-Only about 40% of over-qualified workers report feeling mismatched based on their skills and the relationship between under-qualification and under-skilling is even weaker.
-Qualification mismatch and skill mismatch affect wages, job satisfaction and incentives to engage in on-the-job search (i.e. looking for a job while working).
-Policy intervention may be warranted to address a number of issues such as: the mis-investment in education implicit in large numbers of youth leaving school without the skills that employers require; the costs incurred by firms to sort candidates into jobs when qualifications provide bad signals for skills; and the difficulties faced by some specific groups such as job losers and immigrants.
– Policy interventions designed to reduce mismatches require the co-operation of the many different actors involved in generating jobs, imparting and acquiring skills and bringing jobs and workers together: employers, educators, individual workers, central and local governments, public employment services and the social partners.
The paper has been prepared in the context of the New Skills for New Jobs project funded by the European Commission.
Jobzine, a French blog about jobs in the web 2.0 era has published 2 interesting articles about the online community manager.
The first article gives advice to measure the impact of the community manager and how the success of a community management project can be improved. (More)
The second article analyses the different roles a community manager has in a company. (More)
In Europe, Spain, Ireland and the United Kingdom are among the worst hit, with the proportion of long-term unemployed rising between 2009 and 2010 from 30.2 to 45.1% in Spain, 29 to 49% in Ireland and 24.5% to 32.6% in the United Kingdom. In the major OECD economies, long-term unemployment has fallen only in Germany.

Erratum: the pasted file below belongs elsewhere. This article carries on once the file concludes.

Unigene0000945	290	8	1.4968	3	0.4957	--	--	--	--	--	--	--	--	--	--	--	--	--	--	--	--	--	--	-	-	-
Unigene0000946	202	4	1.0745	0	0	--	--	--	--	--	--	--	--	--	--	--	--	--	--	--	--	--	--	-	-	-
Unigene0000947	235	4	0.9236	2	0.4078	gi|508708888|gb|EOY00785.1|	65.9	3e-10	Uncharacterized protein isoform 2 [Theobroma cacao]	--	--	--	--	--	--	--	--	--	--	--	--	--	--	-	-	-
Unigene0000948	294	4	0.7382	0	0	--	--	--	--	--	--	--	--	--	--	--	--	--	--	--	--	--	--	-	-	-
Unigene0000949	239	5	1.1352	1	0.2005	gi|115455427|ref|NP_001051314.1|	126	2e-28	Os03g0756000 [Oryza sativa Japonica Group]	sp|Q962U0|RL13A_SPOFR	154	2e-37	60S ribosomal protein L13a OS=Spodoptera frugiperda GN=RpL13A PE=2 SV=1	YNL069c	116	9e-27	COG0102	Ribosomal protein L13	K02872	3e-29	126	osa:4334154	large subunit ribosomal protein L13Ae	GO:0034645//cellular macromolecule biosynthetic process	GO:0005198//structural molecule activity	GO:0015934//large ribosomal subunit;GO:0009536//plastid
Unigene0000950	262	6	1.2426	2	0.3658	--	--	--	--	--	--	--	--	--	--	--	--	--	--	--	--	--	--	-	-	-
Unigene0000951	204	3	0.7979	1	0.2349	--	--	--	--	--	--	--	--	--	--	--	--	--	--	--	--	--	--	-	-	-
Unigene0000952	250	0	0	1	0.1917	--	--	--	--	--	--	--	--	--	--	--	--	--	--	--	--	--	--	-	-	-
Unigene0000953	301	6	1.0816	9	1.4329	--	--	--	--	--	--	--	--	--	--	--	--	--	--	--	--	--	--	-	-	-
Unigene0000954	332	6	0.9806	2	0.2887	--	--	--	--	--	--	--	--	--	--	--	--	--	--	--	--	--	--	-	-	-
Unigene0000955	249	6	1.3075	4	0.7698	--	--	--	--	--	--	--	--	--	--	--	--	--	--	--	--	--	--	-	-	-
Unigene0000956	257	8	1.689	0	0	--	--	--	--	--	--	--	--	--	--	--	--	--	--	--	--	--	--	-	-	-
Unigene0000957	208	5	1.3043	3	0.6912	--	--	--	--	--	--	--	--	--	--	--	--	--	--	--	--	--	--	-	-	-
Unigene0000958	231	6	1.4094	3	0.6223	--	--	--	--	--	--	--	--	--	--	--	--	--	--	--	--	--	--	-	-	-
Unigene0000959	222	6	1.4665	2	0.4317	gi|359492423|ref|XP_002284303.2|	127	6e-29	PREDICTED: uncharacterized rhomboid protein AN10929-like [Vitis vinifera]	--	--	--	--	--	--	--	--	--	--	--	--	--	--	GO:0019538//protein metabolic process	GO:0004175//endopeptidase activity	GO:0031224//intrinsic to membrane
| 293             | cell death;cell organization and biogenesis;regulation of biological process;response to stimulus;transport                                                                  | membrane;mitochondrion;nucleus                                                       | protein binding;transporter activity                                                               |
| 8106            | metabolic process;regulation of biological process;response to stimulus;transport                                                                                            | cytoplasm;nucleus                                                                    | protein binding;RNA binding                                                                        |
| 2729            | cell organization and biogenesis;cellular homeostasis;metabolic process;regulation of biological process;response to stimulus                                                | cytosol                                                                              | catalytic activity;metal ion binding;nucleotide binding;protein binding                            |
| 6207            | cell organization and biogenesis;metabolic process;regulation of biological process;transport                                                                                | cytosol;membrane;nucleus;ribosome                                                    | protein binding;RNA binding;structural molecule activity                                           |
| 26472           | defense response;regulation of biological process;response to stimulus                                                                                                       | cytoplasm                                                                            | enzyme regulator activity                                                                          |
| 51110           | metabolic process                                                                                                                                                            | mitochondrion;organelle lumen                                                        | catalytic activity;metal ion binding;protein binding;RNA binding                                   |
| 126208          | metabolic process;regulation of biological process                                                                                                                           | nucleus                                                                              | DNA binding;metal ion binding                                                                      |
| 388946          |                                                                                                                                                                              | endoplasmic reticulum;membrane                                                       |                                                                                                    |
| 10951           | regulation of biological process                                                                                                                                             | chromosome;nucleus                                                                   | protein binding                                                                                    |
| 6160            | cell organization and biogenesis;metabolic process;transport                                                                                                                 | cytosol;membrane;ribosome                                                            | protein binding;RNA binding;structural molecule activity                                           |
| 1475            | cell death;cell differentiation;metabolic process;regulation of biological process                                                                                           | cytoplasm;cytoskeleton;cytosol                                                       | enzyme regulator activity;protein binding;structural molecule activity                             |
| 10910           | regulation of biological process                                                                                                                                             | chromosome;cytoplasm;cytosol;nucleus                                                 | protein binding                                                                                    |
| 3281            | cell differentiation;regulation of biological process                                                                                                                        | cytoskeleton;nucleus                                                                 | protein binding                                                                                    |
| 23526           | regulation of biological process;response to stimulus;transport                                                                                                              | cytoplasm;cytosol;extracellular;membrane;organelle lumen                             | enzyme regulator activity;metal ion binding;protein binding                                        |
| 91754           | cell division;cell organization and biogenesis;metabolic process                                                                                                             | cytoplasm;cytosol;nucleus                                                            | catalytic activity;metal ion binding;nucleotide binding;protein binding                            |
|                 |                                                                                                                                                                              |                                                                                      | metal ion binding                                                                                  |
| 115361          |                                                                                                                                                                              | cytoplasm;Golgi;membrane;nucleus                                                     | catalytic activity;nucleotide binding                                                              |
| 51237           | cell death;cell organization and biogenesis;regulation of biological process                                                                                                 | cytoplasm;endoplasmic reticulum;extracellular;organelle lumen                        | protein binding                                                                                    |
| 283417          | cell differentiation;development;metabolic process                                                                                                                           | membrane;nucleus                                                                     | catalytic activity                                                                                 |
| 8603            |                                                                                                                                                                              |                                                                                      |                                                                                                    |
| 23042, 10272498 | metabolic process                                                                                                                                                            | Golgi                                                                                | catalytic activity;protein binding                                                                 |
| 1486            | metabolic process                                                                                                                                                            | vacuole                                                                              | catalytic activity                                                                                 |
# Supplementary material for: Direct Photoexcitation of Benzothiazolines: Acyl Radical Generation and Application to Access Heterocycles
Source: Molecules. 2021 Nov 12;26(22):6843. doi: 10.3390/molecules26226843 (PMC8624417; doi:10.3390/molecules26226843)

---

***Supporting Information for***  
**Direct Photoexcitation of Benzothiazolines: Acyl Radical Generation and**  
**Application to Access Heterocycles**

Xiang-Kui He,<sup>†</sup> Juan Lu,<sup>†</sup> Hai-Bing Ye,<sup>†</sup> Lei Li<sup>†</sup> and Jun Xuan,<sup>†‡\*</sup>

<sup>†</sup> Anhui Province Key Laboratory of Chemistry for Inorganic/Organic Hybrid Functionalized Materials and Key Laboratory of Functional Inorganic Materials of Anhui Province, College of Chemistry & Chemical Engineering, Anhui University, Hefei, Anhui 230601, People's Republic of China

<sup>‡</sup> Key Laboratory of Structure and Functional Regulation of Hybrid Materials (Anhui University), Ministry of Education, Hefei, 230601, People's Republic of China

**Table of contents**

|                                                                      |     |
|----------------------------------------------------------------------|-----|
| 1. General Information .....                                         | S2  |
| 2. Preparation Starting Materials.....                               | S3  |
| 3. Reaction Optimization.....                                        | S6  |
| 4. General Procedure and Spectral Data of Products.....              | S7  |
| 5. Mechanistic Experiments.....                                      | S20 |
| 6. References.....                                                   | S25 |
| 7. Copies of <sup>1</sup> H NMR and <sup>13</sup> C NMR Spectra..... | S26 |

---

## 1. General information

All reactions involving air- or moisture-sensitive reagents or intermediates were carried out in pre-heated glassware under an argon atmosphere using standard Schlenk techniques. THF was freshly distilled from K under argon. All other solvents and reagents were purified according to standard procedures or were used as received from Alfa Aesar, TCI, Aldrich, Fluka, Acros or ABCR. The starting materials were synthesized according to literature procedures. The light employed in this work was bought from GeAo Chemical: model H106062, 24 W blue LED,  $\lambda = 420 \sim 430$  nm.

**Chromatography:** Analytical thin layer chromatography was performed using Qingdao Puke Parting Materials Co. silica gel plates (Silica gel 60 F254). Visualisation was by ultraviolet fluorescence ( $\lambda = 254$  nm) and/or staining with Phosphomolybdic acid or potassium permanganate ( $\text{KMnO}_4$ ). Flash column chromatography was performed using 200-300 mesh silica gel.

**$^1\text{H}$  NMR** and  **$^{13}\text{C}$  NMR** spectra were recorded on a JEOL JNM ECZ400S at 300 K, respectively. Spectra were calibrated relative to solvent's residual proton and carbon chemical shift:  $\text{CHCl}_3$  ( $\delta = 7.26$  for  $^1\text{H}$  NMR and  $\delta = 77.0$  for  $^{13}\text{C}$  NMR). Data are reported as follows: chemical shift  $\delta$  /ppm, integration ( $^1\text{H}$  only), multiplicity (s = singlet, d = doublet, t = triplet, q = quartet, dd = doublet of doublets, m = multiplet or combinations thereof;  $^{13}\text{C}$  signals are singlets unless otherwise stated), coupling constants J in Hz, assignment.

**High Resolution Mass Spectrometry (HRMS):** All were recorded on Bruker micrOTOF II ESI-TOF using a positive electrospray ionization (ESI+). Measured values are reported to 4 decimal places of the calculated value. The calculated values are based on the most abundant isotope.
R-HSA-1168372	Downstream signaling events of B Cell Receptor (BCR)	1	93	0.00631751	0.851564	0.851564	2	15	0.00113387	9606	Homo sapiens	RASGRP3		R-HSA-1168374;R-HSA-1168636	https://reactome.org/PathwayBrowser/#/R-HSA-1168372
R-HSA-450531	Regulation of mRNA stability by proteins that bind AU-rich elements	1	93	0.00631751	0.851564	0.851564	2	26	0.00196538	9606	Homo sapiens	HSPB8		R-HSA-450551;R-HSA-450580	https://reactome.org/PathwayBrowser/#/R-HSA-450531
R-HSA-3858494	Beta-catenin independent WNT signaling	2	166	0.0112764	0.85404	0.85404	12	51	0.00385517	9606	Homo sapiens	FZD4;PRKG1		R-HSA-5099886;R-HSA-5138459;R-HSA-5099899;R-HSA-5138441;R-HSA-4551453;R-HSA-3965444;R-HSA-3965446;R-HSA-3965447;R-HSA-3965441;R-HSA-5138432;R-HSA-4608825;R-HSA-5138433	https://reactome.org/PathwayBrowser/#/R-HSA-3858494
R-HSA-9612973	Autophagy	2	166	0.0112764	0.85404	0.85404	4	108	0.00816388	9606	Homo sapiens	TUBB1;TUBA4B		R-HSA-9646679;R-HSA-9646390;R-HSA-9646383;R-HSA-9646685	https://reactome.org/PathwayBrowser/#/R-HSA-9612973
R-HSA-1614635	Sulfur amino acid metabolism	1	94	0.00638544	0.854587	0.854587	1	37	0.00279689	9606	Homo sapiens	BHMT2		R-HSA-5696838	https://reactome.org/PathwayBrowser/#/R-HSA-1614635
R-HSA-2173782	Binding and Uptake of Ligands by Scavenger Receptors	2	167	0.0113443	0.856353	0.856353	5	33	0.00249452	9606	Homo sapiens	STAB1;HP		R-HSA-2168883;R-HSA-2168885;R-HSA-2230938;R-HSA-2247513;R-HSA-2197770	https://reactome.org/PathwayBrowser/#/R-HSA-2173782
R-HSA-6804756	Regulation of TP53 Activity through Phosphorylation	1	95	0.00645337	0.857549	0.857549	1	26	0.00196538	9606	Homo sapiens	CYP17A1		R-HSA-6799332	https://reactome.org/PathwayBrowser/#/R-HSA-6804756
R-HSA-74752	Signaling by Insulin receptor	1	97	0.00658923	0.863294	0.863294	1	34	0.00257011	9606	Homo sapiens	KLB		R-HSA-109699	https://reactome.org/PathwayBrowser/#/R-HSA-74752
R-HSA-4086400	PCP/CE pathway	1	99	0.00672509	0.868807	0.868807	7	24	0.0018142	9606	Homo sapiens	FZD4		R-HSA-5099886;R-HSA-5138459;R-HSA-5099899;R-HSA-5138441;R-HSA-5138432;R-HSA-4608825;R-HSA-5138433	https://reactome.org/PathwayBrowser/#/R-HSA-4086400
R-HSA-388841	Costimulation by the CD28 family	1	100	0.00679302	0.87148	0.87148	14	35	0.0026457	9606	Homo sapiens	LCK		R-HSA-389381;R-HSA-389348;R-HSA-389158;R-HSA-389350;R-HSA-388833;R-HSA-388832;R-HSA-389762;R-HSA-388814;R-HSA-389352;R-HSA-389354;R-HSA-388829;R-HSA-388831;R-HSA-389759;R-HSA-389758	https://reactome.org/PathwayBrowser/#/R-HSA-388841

Based on its research CEPIS puts forward the following conclusions and key recommendations:
1. The young talent that Europe needs is lacking – promoting the IT profession among young people is essential.
2. Continuous Professional Development needs to play a greater role and should be targeted to existing and anticipated e-competence gaps.
3. Career paths with defined training and education requirements are needed.
4. All countries urgently need to address the gender imbalance
5. The e-CF should be applied as a pan-European reference tool to categorise competences and identify competence gaps.
Most of the Spanish job demand is concentrated in one of the following 5 categories: Informatics and ICT, Communication and marketing, design and graphics arts, commercial and sales, and customer services (for example, through social networks such as Facebook or twitter)
Thanks to this tendency new jobs are being created such as:
Community manager – Chief social media officer – Professional Blogger – Digital Marketing Manager- SEO Manager – Web 2.0 programmer – Web usability specialist – Web Auditor – Web Analyst – 3D developer – Mobile technologies developer – Coolhunter- Virtual tutor.